Marcus Kaufman

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From left to right: Kaufman, Justice David Eagleson, Justice Joyce Kennard, and Chief Justice Malcolm Lucas

Marcus M. Kaufman served as the 103rd justice on the Supreme Court of California from March 1987 until his retirement in January 1990. Prior to his appointment to the Supreme Court, Justice Kaufman served for 17 years as an Associate Justice of the California Court of Appeal, Fourth Appellate District, Second Division.[1]

Early life[edit]

Born in Norfolk, Virginia, Kaufman moved with his family to Los Angeles at a young age. He grew up in the Hollywood area, and developed an interest in law while in high school. He would later recall taking the bus to the L.A. Civic Center to watch federal court proceedings. After earning his bachelor's degree at UCLA, he served in the Korean War as an Army lieutenant.

Law career[edit]

After returning home, Justice Kaufman attended USC Law School where he was editor of the law review, first in his class and Order of the Coif.[2] He graduated in 1956 and from 1956-1957 served as a law clerk to then Associate Justice Roger J. Traynor. Justice Kaufman began his career clerking in the same court to which he would eventually return as Justice. After a year of clerking, Justice Kaufman joined the faculty of the University of Southern California Law Center. Years later, he had a very distinguished career in private practice in San Bernardino.[1]

Judicial career[edit]

From 1970-1987, Justice Kaufman served as Associate Justice of the Court of Appeal of California’s Fourth Appellate District, Division Two.[1] His opinion in Fletcher v. Western National Life Ins. Co. in 1970, while on the Fourth District Court of Appeal is regarded as an insightful view of what was to come from the California Supreme Court in Gruenberg v. Aetna Ins. Co. in 1973 and then Silberg v. California Life Ins. Co., in 1974, when the court embraced the essential concepts of insurance bad faith as a tort remedy in California.[1]

In 1987, Kaufman was one of three justices appointed by Republican Gov. George Deukmejian to replace Chief Justice Rose Bird and two other liberal justices voted out of office in the previous November's elections. He was expected to be among the most conservative members of the court. At times he lived up to this expectation: he joined the conservative majority in upholding the death penalty and wrote the majority opinion when the court allowed police to erect roadblocks in an effort to get drunk drivers off the road. Kaufman also wrote the majority opinion that allowed a corporate farm to restrict access of union organizers to worker camps on its property. But he sided with the liberal minority in dissenting on several important civil rulings: he restricted wrongful-termination suits against employers and barred the use of state antitrust laws against corporate mergers. In another case, he joined with liberal justices to uphold the right of criminal defendants to gain access to confidential police brutality complaints.[2]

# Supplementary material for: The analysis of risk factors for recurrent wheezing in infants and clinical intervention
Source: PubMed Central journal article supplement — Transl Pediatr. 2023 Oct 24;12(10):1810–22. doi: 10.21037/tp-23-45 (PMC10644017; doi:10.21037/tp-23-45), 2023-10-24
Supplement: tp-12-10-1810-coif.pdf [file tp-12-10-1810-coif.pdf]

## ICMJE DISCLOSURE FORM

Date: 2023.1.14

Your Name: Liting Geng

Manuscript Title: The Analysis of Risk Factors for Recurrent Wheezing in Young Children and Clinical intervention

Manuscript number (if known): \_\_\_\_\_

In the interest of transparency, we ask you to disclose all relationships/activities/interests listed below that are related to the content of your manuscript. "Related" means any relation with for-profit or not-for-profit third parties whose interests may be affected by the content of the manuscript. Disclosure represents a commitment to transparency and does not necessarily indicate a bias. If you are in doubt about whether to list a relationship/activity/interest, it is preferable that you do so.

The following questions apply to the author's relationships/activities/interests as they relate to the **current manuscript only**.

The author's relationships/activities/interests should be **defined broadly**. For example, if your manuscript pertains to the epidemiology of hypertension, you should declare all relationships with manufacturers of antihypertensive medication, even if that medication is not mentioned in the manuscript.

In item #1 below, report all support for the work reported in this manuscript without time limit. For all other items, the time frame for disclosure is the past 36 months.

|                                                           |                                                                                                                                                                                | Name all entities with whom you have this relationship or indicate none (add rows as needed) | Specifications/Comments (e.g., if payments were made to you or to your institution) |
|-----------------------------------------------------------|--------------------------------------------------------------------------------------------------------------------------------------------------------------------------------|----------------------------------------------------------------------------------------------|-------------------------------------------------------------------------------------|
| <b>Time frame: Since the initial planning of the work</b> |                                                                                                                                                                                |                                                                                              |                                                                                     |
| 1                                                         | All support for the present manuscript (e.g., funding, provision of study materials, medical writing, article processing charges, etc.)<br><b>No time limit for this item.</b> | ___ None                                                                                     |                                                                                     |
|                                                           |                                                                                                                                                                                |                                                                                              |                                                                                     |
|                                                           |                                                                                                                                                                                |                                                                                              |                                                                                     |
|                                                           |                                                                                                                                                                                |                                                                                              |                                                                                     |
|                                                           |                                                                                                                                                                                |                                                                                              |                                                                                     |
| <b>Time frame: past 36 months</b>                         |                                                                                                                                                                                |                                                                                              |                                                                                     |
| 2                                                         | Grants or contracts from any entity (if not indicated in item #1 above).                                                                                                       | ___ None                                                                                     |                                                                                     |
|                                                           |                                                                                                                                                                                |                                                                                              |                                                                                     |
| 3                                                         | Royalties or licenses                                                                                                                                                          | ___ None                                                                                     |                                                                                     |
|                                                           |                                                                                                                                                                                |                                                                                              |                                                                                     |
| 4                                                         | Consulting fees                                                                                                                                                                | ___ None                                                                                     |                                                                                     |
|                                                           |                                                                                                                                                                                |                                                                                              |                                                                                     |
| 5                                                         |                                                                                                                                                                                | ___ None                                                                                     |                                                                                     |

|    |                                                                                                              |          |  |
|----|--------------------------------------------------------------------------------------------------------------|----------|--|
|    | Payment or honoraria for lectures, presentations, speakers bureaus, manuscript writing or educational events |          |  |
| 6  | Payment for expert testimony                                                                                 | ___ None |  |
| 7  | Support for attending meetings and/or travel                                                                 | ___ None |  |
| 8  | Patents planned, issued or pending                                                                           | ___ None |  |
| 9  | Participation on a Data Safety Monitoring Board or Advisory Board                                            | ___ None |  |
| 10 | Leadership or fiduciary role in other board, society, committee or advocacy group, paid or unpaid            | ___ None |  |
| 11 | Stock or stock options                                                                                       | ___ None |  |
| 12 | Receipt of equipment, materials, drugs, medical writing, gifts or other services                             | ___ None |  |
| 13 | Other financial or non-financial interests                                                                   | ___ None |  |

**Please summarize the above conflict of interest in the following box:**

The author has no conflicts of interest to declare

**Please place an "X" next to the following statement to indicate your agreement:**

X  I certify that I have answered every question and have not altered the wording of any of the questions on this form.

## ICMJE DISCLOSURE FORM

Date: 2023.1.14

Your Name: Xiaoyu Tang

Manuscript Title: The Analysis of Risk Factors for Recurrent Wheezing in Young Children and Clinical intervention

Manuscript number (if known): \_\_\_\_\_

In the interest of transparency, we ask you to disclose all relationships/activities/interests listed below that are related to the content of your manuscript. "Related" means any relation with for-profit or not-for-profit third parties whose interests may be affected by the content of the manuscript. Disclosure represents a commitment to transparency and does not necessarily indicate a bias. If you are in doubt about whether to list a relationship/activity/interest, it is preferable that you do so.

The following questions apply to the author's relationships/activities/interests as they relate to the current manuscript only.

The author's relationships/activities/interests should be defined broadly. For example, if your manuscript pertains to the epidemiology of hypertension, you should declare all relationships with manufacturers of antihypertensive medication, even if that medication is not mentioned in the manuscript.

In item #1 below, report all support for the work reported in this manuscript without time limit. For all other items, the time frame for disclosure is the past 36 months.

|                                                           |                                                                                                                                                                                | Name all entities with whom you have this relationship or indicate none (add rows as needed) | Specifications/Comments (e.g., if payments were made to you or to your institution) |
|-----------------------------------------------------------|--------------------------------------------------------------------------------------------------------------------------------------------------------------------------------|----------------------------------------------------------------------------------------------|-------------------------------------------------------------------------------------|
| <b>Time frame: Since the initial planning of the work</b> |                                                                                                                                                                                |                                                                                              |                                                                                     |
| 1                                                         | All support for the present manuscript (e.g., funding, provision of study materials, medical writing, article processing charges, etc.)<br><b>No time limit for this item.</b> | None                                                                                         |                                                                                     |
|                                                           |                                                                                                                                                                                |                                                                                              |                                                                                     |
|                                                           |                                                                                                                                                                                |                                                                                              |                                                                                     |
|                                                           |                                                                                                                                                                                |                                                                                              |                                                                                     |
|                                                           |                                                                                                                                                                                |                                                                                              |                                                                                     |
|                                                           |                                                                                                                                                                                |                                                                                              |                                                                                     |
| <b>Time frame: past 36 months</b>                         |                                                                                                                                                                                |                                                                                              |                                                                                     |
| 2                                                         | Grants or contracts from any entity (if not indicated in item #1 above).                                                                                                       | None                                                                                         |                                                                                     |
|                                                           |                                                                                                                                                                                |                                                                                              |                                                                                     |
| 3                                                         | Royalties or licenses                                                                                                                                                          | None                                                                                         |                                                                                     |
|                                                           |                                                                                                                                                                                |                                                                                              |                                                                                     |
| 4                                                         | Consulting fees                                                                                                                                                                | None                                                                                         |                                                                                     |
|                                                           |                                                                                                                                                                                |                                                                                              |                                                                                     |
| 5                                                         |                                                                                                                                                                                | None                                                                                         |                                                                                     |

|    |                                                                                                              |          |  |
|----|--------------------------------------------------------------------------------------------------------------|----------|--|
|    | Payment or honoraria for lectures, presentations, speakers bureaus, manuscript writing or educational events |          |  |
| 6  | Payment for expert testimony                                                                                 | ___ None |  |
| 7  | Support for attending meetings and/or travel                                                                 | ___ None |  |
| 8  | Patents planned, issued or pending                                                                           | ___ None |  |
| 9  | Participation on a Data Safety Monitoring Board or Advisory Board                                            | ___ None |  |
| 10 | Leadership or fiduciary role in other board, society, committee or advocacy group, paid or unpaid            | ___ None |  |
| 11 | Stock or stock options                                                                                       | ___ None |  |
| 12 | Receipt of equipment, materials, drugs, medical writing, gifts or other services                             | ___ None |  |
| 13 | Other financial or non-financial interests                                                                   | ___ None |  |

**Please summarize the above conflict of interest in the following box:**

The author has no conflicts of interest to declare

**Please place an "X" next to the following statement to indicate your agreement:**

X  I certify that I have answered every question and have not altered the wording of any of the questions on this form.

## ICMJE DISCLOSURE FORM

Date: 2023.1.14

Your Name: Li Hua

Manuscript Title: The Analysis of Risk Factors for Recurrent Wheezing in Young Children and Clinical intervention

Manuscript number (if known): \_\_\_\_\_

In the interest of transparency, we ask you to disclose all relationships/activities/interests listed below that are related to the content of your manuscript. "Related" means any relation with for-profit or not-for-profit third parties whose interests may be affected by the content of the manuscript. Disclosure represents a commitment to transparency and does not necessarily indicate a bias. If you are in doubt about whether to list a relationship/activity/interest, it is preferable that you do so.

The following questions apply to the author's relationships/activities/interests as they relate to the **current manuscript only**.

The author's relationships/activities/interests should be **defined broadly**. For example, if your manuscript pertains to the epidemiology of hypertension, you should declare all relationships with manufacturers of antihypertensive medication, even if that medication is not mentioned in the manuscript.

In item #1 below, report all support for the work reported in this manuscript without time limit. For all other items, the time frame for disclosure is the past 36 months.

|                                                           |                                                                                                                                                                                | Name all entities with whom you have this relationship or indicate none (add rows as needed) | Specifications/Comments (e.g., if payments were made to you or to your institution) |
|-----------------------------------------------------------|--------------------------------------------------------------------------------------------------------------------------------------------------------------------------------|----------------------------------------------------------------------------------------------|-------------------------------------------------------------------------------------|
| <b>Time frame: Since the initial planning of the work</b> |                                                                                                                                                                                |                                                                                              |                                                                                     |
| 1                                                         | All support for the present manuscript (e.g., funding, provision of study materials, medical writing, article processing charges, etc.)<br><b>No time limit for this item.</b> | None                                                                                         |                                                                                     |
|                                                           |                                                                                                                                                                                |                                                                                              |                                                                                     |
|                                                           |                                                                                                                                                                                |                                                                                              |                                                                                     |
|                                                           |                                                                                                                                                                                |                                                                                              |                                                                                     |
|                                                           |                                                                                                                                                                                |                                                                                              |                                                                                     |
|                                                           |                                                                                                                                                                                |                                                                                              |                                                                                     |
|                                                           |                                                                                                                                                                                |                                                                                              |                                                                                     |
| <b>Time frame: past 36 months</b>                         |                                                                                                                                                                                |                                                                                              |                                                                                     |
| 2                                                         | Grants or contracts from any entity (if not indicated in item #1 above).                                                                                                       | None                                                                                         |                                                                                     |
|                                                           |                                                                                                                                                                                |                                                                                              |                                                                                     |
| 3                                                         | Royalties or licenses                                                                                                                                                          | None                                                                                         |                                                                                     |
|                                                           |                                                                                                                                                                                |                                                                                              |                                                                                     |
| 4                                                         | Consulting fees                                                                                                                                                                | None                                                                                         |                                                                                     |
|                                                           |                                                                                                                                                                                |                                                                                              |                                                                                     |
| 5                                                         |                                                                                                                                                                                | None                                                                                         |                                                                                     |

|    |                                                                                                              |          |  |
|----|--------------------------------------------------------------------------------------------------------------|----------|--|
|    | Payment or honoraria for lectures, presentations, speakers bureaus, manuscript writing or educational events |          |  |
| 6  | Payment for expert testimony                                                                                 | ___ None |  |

Justice Kaufman was rightfully viewed as a thoughtful and scholarly student of the law, always interested in carefully scrutinizing issues, precedent, and argument. He was especially notable for his kindness and concern for staff.[1] Justice Kaufman retired from the bench in 1990 in order to spend more time with his family. In 1995, he joined the newly formed Albert, Weiland & Golden in Costa Mesa, California, where he was of counsel and did consulting work on appeals.[3]

Declining health and death[edit]

Justice Kaufman died of renal failure on March 26, 2003, at the age of 73 after several years of poor health.[1][3] Kaufman is survived by his wife of more than 50 years, Eileen, and two daughters, Sharon and Ellen. A son, Joel, died in 1977.[4]

In facing death, Justice Kaufman told his family that one can live on after death. To this end, he wrote the following: “Ideas, values and ideals do not perish with the mind that conceived them or the life that exemplified them. They live on and play a part in the lives of those to whom they have been transmitted. And so people live on after death in the ideas, values and ideals they transmitted during their lives, which often continue to grow and spread even after death.” Those ideas, he said, need not be monumental. They can be such worthwhile concepts as “an appreciation of beauty, love of family, a recognition or fulfillment of duty or loyalty, a love of excellence, or an admiration of and appreciation for achievement.”

Publications and Awards[edit]

Kaufman Campbell Award- Presented by the San Bernardino County Bar Association in honor of Marcus M. Kaufman and Joseph B Campbell. This award is given to the judges who have demonstrated the highest standards of judicial excellence in the pursuit of justice while exemplifying courtesy, integrity, wisdom and impartiality.[5] Marcus Kaufman Jurisprudence Award- Presented by the Anti-Defamation League of Orange County/Long Beach in memory of Justice Marcus M. Kaufman for his exceptional work and commitment both to the legal community and to the Orange County Judiciary.[6]

Justice Kaufman co-authored “California Practice Guide: Bad Faith (Rutter Group 1986) with Guy Kornblum and Harvey Levine[1] as well as “California Practice Guide: Insurance Litigation” (Rutter: Encino, 1995) with H. Walter Crosky.

References[edit]

  1. ^ a b c d e f g California Supreme Court Historical Society, History of the California Courts www.cschs.org
  2. ^ a b LA Times, Friday March 28, 2003. Marcus M. Kaufman, 73, State Supreme Court Justice
  3. ^ a b http://www.sfgate.com
  4. ^ http://www.metnews.com
  5. ^ http://www.sbcba.org
  6. ^ http://www.ocbar.org